In the mean time, although you can still target back to iPhone 3 OS versions in XCode (letting you include people with a device that is more than two years old but excluding you from using any newer features), you can still download Android SDK's back to API level 3 (the first public api level). So you can target every commercial Android phone at once as long as you either stick within the feature set from those original devices or you're clever enough to write code that knows how to fail gracefully when a more modern feature is unavailable. For example, we do this with one of our apps which has an NFC option (first available I think in API level 10, Android 2.3.3), but has plenty of non-NFC functionality as well - targeting API level 7 (Android 2.1) and conditionally using more recent APIs if the phone's OS supports them.

  • Re:Bingo (Score:4, Informative)

    by WankersRevenge (452399) on Wednesday January 04, 2012 @04:32PM (#38588528)
    *thankyou* I'm an ios dev and it's nice to see some rationale discussion about platforms instead of the typical feces tossing match that typically occurs here.
  • by Dahamma (304068) on Wednesday January 04, 2012 @05:06PM (#38588892)

    but it only grants you a carefully selected subset of the most basic of the new functionality, so it's not really the same version after all.

    That's a pretty huge exaggeration. The only missing features for the 3GS are Siri and in-place photo editing. 2 features of 200+ added with iOS 5. Big deal.

  • by shutdown -p now (807394) on Wednesday January 04, 2012 @08:59PM (#38591262) Journal

    I used to believe that Apple products "just worked" - I assumed that they don't "just work" for me because I am not part of the target demographic, being a developer (and therefore a power user).

    Then I bought an iPad for my mom. A few days ago, I went through an experience of updating it to iOS 5.0, which ended up in it being messed up rather badly with some apps crashing on open - most notably, iBooks. Googling around, apparently it's a well-known problem, detailed descriptions of which include references to incorrect permissions in /var (heh) and the suggestion to factory-reset - indeed, nothing else worked, and restore from backup failed with some cryptic error message along the lines of "Cannot restore because error E008034 occured". So I had the joy of reinstalling all the apps and reconfiguring everything. In the process, I managed to erase all installed apps with a single misclick - apparently, if you have set up synchronization of apps with iTunes, and later disable it, all apps previously synced are erased from the iOS device in question - and had to redo it all again, which included about a gigabyte of in-app purchase downloads (English and Spanish dictionaries for a dictionary app).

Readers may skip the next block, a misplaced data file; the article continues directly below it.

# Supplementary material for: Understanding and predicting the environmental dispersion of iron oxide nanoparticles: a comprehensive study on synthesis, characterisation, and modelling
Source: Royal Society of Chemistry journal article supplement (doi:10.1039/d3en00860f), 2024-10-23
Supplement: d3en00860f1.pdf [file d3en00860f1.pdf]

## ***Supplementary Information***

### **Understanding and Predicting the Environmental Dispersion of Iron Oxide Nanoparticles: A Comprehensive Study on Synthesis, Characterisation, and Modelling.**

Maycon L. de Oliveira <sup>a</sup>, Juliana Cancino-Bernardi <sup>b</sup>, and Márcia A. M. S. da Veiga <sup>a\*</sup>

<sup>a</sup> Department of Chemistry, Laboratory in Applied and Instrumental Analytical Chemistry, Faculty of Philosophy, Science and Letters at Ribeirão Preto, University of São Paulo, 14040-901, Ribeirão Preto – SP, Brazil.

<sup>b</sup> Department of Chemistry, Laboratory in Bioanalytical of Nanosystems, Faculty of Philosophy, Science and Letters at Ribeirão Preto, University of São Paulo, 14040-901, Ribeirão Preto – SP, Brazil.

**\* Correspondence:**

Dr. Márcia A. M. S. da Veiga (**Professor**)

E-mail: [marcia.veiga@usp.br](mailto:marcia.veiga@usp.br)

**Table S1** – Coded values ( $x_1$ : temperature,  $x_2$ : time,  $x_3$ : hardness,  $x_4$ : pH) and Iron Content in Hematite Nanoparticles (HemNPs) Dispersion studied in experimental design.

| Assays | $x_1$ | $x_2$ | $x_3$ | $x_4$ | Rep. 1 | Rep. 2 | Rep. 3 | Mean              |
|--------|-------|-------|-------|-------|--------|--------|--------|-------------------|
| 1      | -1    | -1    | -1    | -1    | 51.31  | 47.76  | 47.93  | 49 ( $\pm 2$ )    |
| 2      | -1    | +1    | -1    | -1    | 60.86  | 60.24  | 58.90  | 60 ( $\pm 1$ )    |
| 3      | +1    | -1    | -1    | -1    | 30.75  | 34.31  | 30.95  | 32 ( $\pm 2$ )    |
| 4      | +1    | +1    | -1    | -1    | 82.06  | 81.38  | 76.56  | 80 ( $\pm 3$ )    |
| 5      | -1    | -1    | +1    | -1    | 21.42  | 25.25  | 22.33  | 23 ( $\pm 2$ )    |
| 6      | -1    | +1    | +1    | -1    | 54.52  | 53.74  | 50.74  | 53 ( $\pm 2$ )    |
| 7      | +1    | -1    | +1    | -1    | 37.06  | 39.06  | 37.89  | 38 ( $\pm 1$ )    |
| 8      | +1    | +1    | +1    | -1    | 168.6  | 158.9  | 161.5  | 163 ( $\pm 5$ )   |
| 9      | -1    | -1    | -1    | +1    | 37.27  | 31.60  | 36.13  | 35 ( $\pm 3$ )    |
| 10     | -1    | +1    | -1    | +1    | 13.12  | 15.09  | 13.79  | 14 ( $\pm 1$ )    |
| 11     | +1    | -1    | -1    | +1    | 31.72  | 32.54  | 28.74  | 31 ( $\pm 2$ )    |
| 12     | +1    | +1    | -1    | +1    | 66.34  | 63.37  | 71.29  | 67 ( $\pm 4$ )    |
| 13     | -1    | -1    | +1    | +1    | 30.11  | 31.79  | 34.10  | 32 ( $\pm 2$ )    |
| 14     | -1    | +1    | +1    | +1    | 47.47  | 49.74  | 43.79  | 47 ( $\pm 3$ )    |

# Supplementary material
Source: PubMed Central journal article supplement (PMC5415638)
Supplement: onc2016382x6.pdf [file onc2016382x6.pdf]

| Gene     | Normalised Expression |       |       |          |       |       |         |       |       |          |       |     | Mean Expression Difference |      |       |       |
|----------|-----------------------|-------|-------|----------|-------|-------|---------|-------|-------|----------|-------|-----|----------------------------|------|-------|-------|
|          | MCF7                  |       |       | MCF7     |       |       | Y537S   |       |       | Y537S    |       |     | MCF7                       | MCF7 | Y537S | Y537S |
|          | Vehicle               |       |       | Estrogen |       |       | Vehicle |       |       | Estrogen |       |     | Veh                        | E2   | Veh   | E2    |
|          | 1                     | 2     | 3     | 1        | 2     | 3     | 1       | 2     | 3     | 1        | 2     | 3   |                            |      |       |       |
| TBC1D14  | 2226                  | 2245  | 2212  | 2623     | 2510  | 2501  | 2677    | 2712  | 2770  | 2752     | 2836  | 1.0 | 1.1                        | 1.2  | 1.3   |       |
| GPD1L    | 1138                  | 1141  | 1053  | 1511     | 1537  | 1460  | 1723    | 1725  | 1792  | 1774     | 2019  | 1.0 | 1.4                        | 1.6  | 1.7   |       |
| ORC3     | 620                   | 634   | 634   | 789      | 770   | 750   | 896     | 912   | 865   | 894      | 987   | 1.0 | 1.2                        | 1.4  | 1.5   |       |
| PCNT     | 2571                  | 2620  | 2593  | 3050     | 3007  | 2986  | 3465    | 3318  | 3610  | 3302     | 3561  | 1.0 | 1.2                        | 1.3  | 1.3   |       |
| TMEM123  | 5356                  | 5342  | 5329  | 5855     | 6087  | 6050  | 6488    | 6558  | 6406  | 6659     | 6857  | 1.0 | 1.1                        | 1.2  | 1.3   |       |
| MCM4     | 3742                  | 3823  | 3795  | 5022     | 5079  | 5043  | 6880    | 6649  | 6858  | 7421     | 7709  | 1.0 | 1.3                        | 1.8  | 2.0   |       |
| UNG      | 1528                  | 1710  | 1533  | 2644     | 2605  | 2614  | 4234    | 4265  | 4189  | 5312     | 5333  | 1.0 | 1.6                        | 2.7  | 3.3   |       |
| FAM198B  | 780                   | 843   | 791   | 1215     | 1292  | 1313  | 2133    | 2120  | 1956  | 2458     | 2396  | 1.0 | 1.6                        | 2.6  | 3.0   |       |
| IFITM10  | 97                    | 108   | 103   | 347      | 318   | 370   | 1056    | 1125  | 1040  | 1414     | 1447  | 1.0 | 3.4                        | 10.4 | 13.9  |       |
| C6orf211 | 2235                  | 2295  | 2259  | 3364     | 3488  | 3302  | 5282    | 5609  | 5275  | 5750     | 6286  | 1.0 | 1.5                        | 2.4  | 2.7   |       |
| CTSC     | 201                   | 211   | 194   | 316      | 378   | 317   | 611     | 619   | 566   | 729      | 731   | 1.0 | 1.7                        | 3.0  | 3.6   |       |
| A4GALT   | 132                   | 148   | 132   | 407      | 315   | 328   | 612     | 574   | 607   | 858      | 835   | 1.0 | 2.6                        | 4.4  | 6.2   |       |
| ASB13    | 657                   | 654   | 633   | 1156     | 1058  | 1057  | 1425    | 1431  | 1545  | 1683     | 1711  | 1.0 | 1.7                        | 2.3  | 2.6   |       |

Teaching her to use it was also a very excruciating experience. In Windows or OS X, you really only need to explain the general principles (things like files etc) and a few common UI elements - icons, top-level and dropdown menus, and context menus - and they apply to all apps. Ribbon was an exception, but not a hard one to deal with. In contrast, with iOS you're in a "twisted maze of apps, all different". Sometimes the "Back" button is in top left corner, sometimes in bottom left, sometimes in top right; worse yet, it's often labeled differently. Sometimes it's not there at all, and you're expected to switch between app screens by iconified tabs at the bottom or some other way. Some data entry screens are auto-save/auto-apply, others have some kind of "OK" button you need to tap to save what you have entered; usually it has blue background, but not always, and usually it says "Done", but not always. Deleting items from lists is done in at least two different ways - most often you tap "Edit" and then click on what looks like little stop signs (what is the mnemonic meaning of this?) on the right, but sometimes you instead need to open the item details screen by tapping on that item, and then locate a big red button saying "Delete" somewhere at the bottom (or sometimes at the top). Ironically, I never actually noticed all those inconsistencies, because I could always guess where the controls are based on past experience with numerous other mobile platforms; but for her, it was a PITA, as she had no such experience to relate to, and had to learn to operate every app differently because of all the differences described above.

    The killer punch was when I explained to her what photostream is, and she asked me to enable it. Sure, it works fine - snap a photo on the iPhone, and in a few minutes you can view it on your iPad. Except when she accidentally pressed the button at the wrong time and snapped a bunch of pointless pics, and asked me to delete them. Guess what - you can't! just google for "photostream delete photos" to see what I mean, and to see all the ridiculous suggestions people asking this get on Apple fanboi forums. Needless to say, the feature was promptly disabled until Apple can do it right.

    Next time anyone will try to convince me that iOS "just works" for casual users, they'll take an iPad to the knee.